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Patent Infringement Damages Taxed As Capital Gain With IRS?

Patent Infringement Damages Taxed As Capital Gain With IRS?

Suits for the infringement of patents or other intellectual property are usually ask for lost royalties, a stream of payments that the inventor would have collected but for the infringement. Most people—even those who know very little about taxes—are likely to say that a stream of royalties is probably taxed as ordinary income. How then could a patent dispute result in capital gain? Although capital gain usually means selling something, it is sometimes possible for inventors to treat patent litigation settlement proceeds as capital gain. It is worth thinking beyond patents too. Although it is often easier to report patent recoveries as capital gain, other intellectual property recoveries may also qualify in appropriate cases.

Since the 1950s, the definition of “capital asset” in the tax code excluded most forms of intellectual property (other than patents) if it is “held by a taxpayer whose personal efforts created such property.” As an example, this rule applies to copyrights, so an author who spends years writing a book cannot sell his or her rights and report long-term capital gain. Starting in 2018, the Tax Cuts and Jobs Act expanded the list of exclusions from capital gain treatment in section 1221(a)(3) of the tax code. This exclusion now applies to patents and inventions that are the product of a taxpayer’s personal efforts. Congress made parallel changes to section 1231(b)(1)(C), so that “property used in the trade or business” does not include patents or inventions, either. This means an inventor’s gain from the sale or exchange of a patent or invention used in a trade or business cannot qualify as long-term capital gain under section 1231(a)(1). Although Congress prevented patents and inventions from qualifying as capital or quasi-capital assets in the hands of their inventors, it did not close the door on capital gain.

In fact, Section 1235 of the tax code is still there, and still works just fine. Section 1235 of the tax code still allows a “holder” to report profits from the transfer of all substantial rights to a patent as long-term capital gain. The tax code defines a “holder” to include “any individual whose efforts created such property.” That means inventors can still report capital gain in connection with qualifying transfers. Not surprisingly, the IRS has traditionally viewed infringement recoveries as a substitute for royalties and hence as ordinary income. Under section 1235, however, the inventor’s recovery is treated as capital gain if it is paid in connection with a transfer of all substantial rights to the patent, or to an undivided interest in the patent.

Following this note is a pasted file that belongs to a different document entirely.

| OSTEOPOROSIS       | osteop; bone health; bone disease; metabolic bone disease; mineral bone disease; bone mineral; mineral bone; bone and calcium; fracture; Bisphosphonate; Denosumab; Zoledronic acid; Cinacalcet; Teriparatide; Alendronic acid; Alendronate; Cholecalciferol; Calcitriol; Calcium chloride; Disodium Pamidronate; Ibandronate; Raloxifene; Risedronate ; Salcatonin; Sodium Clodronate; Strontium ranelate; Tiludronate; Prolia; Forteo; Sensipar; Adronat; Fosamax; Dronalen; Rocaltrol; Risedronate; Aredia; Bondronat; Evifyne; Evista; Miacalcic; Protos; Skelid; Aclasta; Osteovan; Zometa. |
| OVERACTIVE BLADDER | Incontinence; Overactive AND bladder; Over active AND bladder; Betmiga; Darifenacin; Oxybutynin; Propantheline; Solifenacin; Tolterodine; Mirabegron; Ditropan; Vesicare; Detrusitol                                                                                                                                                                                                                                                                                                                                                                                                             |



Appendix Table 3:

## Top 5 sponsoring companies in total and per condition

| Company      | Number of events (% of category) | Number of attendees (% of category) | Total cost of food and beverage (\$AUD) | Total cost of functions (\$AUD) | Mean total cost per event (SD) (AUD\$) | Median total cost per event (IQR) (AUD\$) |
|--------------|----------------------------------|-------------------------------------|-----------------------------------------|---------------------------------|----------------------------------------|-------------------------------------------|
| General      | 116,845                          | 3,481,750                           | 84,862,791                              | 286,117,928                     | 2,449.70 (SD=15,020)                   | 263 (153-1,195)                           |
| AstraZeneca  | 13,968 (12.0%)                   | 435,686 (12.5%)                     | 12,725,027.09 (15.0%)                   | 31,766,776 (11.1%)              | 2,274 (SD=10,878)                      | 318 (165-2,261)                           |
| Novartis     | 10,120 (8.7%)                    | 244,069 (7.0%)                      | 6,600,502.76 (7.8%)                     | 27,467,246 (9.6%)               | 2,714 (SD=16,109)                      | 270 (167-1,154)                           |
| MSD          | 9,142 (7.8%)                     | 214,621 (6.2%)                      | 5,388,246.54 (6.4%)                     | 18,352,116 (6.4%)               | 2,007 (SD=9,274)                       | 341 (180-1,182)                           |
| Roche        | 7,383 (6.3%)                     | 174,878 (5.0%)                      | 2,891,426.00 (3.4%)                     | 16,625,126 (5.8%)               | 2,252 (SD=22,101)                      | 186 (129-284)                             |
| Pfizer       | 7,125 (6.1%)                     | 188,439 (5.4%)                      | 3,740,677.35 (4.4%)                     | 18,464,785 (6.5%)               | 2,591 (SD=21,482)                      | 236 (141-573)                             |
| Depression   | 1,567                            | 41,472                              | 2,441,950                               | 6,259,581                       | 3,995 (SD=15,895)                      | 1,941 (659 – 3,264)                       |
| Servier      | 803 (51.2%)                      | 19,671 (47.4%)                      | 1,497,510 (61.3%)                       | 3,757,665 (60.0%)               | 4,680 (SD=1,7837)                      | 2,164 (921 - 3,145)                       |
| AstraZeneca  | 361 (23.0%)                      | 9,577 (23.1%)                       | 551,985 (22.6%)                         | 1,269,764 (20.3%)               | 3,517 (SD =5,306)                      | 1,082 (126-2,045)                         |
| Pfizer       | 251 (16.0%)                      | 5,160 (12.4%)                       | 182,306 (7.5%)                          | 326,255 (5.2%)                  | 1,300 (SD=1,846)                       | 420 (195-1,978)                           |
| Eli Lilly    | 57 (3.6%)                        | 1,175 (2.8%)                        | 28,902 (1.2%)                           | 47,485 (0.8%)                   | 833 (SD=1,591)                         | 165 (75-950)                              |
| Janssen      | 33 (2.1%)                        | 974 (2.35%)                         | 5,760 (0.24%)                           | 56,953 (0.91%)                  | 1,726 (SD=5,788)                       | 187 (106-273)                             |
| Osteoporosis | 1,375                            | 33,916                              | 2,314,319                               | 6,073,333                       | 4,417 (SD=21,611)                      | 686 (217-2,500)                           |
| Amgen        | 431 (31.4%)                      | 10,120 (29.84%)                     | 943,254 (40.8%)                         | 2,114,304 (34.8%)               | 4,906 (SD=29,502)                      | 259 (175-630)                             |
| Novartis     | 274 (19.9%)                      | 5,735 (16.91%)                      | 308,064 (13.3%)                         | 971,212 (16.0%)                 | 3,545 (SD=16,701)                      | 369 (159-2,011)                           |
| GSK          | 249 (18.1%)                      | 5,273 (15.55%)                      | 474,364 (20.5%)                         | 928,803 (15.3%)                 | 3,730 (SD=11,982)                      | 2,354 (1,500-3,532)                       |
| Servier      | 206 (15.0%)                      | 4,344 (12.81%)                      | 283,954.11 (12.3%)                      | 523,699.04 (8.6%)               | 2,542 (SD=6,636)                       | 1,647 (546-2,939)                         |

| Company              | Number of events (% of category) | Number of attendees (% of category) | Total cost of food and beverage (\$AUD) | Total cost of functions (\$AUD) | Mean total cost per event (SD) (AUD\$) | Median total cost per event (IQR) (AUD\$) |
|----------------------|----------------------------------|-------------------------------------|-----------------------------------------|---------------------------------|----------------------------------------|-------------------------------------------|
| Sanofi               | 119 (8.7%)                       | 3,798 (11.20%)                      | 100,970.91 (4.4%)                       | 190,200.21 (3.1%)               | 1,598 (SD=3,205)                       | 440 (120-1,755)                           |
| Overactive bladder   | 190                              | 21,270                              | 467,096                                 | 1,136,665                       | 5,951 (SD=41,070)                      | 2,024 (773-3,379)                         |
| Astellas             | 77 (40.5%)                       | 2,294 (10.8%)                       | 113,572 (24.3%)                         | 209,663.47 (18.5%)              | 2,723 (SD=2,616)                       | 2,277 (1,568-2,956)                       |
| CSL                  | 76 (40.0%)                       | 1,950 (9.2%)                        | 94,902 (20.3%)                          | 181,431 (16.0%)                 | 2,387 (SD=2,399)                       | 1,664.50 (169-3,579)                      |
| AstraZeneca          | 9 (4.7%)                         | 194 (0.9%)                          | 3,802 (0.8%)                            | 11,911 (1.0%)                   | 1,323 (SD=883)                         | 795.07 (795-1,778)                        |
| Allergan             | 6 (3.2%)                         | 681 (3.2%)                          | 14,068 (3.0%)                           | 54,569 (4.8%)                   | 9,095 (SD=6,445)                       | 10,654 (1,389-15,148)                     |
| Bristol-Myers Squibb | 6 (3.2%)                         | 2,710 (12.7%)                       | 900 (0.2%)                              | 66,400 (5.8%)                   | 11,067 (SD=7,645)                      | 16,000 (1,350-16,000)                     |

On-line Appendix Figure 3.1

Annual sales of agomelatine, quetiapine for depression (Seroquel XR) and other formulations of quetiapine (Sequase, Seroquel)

If a settlement agreement provides for the requisite transfer of all substantial rights to a patent or an undivided interest, the inventor can report long-term capital gain. The definition of “holder” is important, and it even includes certain early-stage investors who purchase an interest in the property from the inventor. However, corporations, partnerships, trusts, estates, and other entities generally do not qualify as holders for this purpose. Even so, there is a partial exception for partnerships.

An individual partner can still qualify as a holder with respect to his or her share of a patent owned by the partnership. If you receive a K-1 for your share of a partnership or LLC recovery, you might still qualify on your share of the case proceeds. One of the key issues under section 1235 is whether the inventor has transferred “all substantial rights” to the patent or to an undivided interest in it. Still, the breadth of section 1235 is demonstrated by the fact that capital gain treatment can apply to payments for infringement. To determine whether a particular recovery qualifies, it is necessary to consider the nature of the interest transferred, and whether the proceeds of the lawsuit (whether by settlement or judgment) are attributable to the transfer of rights. The wording of a settlement agreement is not binding on the IRS when it considers the tax effects of the payments.

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